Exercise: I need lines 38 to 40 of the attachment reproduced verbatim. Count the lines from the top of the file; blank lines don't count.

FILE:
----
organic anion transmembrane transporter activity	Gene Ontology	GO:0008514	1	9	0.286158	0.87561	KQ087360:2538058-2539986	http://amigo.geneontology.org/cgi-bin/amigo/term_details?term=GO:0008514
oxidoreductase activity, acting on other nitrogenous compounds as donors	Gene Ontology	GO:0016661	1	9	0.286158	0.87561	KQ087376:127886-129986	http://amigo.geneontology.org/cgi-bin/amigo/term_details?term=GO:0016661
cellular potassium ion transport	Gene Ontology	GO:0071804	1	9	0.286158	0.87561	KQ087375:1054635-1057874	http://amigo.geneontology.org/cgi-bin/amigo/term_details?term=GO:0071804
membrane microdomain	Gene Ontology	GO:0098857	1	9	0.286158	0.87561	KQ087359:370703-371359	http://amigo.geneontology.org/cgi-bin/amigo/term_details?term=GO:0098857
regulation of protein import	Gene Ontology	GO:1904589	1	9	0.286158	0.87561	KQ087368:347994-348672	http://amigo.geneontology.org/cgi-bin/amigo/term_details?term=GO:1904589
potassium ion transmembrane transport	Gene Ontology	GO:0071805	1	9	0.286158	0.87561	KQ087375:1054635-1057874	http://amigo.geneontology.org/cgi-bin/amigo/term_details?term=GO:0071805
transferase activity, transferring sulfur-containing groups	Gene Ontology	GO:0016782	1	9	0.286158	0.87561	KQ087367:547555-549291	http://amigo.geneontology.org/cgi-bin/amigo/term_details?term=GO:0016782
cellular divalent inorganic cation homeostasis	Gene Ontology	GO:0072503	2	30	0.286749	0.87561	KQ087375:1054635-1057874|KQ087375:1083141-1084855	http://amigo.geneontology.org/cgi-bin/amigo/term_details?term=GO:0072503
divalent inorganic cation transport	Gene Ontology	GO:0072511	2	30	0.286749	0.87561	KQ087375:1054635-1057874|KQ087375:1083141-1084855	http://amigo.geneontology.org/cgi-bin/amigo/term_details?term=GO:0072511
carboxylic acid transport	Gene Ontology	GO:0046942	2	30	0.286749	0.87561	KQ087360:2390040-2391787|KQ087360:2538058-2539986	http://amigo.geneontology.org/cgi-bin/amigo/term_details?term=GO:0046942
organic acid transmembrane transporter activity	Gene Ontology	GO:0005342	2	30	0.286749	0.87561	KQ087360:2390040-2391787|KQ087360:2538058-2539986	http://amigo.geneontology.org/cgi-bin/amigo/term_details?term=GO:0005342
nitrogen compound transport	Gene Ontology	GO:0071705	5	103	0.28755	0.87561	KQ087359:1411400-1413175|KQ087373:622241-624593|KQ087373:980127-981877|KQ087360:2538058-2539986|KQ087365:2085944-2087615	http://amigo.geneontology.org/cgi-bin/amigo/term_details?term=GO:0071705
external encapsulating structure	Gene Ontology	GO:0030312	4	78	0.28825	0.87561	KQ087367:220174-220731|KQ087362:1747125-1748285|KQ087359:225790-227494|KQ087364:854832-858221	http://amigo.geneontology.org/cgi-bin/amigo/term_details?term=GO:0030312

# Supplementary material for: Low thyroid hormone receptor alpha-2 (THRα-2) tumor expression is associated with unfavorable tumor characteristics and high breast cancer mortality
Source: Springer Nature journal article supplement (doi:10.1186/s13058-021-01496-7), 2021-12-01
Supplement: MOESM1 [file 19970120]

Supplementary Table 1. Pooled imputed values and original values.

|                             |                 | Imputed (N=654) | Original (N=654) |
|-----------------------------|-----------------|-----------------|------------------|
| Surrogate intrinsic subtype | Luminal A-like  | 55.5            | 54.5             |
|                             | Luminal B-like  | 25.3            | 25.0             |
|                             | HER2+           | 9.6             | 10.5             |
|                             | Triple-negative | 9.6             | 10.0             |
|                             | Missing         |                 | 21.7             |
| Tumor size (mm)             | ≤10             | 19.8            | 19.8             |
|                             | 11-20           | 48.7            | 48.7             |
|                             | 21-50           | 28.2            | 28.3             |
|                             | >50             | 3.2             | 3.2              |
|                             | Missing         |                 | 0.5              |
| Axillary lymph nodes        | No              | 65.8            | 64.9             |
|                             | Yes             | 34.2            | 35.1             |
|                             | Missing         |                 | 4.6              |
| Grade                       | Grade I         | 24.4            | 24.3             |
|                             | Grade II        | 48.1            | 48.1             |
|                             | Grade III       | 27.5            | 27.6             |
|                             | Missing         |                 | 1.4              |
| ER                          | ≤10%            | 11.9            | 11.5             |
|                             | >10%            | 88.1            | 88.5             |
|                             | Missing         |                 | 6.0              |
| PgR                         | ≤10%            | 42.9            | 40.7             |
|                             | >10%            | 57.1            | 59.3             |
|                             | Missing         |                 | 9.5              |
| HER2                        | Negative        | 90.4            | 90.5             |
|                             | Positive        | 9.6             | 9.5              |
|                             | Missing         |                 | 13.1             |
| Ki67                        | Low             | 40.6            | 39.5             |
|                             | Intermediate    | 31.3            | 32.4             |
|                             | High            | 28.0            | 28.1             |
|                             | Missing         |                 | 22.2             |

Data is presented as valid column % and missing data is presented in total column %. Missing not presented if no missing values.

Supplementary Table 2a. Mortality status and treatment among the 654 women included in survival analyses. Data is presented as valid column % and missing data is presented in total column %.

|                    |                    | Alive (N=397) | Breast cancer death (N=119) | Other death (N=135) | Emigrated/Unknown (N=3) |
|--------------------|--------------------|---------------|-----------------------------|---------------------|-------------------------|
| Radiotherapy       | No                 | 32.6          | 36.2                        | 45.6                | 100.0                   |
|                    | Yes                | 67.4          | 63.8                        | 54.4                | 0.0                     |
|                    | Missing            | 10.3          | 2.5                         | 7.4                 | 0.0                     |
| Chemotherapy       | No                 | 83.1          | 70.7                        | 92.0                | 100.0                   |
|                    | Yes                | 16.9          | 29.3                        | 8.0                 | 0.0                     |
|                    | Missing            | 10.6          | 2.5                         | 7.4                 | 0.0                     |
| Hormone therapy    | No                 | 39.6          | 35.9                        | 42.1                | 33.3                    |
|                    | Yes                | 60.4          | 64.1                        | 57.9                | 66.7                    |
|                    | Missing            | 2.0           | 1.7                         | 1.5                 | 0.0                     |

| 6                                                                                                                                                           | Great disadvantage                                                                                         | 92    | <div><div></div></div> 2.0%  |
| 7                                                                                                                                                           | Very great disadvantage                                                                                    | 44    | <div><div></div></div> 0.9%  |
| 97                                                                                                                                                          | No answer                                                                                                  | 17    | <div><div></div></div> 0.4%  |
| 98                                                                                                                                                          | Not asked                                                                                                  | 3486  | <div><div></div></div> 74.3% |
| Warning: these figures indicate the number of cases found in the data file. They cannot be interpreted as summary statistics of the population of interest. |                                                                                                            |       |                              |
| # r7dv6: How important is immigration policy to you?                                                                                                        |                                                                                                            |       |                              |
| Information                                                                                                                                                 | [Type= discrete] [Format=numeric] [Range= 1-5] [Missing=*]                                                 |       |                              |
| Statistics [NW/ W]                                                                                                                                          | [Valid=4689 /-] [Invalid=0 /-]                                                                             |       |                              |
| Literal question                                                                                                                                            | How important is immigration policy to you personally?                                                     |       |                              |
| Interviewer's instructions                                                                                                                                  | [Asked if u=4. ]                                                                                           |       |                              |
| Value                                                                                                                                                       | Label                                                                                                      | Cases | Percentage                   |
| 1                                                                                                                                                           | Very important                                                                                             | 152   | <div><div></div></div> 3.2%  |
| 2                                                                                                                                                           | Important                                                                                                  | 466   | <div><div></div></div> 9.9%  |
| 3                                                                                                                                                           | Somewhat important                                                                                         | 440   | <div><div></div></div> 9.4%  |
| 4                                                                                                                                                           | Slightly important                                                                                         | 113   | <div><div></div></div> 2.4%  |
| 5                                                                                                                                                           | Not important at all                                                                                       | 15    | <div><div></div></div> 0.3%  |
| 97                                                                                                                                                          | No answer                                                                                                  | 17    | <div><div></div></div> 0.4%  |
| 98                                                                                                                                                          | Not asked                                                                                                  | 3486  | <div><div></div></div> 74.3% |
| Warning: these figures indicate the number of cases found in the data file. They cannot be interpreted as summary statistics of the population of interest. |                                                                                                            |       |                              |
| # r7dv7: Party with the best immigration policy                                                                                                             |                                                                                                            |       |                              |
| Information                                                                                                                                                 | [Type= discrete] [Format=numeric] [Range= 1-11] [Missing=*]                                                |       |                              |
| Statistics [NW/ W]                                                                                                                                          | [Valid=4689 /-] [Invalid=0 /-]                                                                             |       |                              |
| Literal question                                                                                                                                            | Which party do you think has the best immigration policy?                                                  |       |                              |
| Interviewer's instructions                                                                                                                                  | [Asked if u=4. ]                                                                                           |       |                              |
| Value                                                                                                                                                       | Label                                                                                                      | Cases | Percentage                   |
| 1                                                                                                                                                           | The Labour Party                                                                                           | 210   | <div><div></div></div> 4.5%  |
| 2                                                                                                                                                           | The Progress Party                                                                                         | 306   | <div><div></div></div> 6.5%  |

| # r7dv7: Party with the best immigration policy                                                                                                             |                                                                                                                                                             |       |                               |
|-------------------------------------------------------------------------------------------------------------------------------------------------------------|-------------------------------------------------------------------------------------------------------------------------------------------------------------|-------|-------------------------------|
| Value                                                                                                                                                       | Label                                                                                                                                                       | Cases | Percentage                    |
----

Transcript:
|                             | >10%            | 88.1            | 88.5             |
|                             | Missing         |                 | 6.0              |
| PgR                         | ≤10%            | 42.9            | 40.7             |